www.esacademy.eu/wp-content/uploads/2011/09/9-1.jpg
  • + 1
 With your center of gravity infront of your feet, as on a bike when pushing hard through a turn, if you have your outside foot forward your feet and c.o.g. form a nice wide triangle. This gives you a stable platform to push your weight (cog) through, with fairly even pressure on both feet. With your inside foot forward, your feet and cog form an almost straight line. This does not form a stable platform to push your cog against. With your cog behind feet, as in cornering when skiing (or when something has scared you on the bike and it has become more a case of just trying to stay on than being in command of the bike) the whole arrangement is reversed. Now your inside foot needs to be forward to allow your cog and feet form a nice stable triangular platform to push against, while having the outside foot forward now draws a fairly straight line between feet and cog. Any sport, anywhere, your contact points and cog want to form as stable a platform as poss. When you then add handlebars into the equasion (or more to the point, that all important inside hand) the whole straight line v triangle thing becomes even more apparent. Sorry if this is not worded very well, but i have literally just woken up.
  • + 1
 Good to hear about counter steering / pushing the bars down in direction of travel. I'm still learning this... Made a massive difference thus far... Takes time to learn mind...
  • + 1
 A good way I think about cornering is always have your belly button over your bottom bracket. This helps keep your hips where they need to be.
  • + 2
 mountain biking is a sport that requires strange body contortions to enable you to hit that perfect line.
  • + 3
 Lean back drop yo hips... Ladies of PB hehe
  • + 1
 When you going around the berm do you want your body at a more upright angle than the bike is at, or do you want to be directly over the middle of the bike.
  • + 5
 "Lean the bike not your body."

-Fabien Barel
  • + 2
 So I should keep my body in a relatively upright position and move the bike under me?
  • + 2
 On berms, supported corners, I lean both the bike and my body. That way, I could also use my mass to compress and pump outta the corner.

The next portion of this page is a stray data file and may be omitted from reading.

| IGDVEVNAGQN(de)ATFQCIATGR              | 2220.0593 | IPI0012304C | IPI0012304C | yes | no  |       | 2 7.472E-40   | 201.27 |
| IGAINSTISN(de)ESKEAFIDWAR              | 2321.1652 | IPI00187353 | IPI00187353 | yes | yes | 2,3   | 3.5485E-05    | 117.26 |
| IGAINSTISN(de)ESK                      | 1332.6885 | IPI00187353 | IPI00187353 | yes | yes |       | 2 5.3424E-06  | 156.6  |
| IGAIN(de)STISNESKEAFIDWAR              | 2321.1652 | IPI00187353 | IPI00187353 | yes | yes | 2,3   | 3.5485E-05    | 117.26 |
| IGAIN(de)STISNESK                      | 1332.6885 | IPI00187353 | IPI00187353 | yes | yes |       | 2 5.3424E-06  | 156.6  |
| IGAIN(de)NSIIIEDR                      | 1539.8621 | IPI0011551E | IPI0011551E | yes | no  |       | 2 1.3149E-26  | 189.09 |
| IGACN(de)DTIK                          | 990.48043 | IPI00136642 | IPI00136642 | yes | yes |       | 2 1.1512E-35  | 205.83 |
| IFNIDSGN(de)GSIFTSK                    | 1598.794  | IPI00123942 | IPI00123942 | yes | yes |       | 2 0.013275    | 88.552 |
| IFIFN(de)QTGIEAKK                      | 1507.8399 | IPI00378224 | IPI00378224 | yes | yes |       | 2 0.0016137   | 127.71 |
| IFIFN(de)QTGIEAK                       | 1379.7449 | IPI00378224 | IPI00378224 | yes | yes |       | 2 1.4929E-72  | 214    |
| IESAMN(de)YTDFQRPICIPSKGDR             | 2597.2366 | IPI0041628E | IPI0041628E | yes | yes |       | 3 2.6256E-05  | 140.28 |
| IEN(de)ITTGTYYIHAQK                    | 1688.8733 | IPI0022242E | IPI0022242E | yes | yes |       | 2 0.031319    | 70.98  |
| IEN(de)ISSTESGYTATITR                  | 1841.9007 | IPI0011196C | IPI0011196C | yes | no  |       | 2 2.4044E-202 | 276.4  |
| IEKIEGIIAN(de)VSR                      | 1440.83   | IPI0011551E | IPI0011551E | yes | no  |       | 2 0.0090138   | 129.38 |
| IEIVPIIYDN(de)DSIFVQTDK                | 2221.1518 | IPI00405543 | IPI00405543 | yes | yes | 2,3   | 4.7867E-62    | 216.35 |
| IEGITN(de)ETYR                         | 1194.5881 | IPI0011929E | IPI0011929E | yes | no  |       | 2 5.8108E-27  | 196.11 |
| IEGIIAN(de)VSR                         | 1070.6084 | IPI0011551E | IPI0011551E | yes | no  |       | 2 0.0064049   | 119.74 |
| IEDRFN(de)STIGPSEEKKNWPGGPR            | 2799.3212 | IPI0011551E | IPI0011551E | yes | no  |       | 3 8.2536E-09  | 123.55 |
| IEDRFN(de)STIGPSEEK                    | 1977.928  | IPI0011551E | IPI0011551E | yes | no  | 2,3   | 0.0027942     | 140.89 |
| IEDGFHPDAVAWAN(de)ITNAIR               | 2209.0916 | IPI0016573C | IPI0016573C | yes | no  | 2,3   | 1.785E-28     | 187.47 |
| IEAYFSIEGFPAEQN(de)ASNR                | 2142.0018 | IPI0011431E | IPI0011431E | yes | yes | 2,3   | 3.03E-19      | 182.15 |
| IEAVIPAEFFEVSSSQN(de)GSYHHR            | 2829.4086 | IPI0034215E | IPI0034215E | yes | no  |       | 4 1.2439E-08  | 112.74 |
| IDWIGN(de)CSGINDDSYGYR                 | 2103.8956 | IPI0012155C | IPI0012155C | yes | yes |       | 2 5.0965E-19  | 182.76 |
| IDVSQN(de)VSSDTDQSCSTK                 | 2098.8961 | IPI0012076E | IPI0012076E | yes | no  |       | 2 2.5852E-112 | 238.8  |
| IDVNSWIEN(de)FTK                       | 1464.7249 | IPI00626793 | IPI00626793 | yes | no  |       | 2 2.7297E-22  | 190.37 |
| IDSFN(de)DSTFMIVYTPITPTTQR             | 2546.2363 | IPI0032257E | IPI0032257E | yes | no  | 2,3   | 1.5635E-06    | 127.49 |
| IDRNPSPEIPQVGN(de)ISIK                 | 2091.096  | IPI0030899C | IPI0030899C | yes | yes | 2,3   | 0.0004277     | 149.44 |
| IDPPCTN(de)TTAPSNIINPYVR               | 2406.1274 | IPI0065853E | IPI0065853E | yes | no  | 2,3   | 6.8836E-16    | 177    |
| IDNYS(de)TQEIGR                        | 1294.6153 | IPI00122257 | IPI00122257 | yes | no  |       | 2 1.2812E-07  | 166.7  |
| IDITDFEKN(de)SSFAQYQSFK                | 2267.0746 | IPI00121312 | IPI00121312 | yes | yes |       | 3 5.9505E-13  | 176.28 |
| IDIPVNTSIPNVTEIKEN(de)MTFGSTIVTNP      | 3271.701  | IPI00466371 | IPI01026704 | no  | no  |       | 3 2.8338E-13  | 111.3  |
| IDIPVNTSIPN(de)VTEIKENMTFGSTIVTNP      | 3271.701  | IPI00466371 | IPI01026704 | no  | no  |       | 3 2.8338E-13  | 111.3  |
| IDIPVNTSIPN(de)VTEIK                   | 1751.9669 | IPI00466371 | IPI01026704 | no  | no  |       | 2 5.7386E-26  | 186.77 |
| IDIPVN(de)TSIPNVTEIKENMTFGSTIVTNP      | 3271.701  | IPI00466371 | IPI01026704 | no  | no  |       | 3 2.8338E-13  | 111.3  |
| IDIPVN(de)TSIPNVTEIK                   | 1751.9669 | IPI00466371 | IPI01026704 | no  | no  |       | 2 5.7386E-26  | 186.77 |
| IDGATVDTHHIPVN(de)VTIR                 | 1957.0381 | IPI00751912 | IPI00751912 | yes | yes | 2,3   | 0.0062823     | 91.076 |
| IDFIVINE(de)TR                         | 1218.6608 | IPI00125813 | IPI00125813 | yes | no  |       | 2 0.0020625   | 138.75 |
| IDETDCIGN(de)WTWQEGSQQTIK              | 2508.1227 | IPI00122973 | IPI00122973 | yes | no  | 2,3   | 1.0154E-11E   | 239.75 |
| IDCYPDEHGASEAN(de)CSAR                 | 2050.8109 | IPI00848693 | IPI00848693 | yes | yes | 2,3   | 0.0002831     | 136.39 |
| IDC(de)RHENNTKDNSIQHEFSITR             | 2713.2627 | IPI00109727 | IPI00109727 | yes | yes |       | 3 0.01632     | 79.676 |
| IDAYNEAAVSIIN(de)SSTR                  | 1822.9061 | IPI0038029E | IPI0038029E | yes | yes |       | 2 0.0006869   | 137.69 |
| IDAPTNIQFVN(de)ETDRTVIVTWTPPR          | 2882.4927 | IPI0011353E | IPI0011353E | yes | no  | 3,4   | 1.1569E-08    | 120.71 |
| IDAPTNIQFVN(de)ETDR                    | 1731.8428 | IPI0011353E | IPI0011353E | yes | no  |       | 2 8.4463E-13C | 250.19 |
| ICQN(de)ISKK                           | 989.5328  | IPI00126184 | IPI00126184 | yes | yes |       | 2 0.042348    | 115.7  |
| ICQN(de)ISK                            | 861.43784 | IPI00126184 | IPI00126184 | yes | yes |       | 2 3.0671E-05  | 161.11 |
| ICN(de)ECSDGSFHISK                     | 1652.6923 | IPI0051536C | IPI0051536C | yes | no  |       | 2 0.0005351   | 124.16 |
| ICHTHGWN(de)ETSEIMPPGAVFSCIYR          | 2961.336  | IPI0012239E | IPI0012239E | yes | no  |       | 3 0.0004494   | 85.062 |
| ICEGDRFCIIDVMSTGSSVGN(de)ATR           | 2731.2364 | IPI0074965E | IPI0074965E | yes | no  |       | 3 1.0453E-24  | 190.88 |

On flat turns/off cambers though, I lean the bike more, with my body slightly upright.
  • + 2
 I think Twofoxes is talking about this video www.youtube.com/watch?v=gF5K9V2w6W8 And it is true that is what Fabien says but he is talking about flat turns. Flat turns you want to have as much of your weight on the tires to keep traction.
  • + 2
 I would also love some tips on how to properly take off of booters on Aline etc...
  • + 1
 Do you want to know 5 weird tips to to get a bigger than average... Air Time
  • + 0
 Also look at where you want to go not where you're going naturally you go to where you looking p.s. Sorry if he mentioned it i didnt watch the vid yet
  • + 1
 thats a really important thing- agreed... racing BMX helped me with that... i am looking out of the turn spotting the next jump or roller pretty much as soon as i enter the turn and my bike just carves the berm perfectly... now i ride like that on the trail too which has surprisingly been helpful for flat turns...
  • - 1
 He needs to do a podcast which you could take on a ride with you.... Come on James!!!
  • - 1
 If you want to improve your cornering buy a Yeti SB-66c.
  • - 2
 go ride your bike. that will help you corner.
  • + 3
 Rubbish, you have to break these things down to improve. I guarantee you every single world cup rider actually practiced their individual skills seperate from their trail rides.
  • + 4
 well it seems people spend more time on here talking about how to be a better rider than actually riding.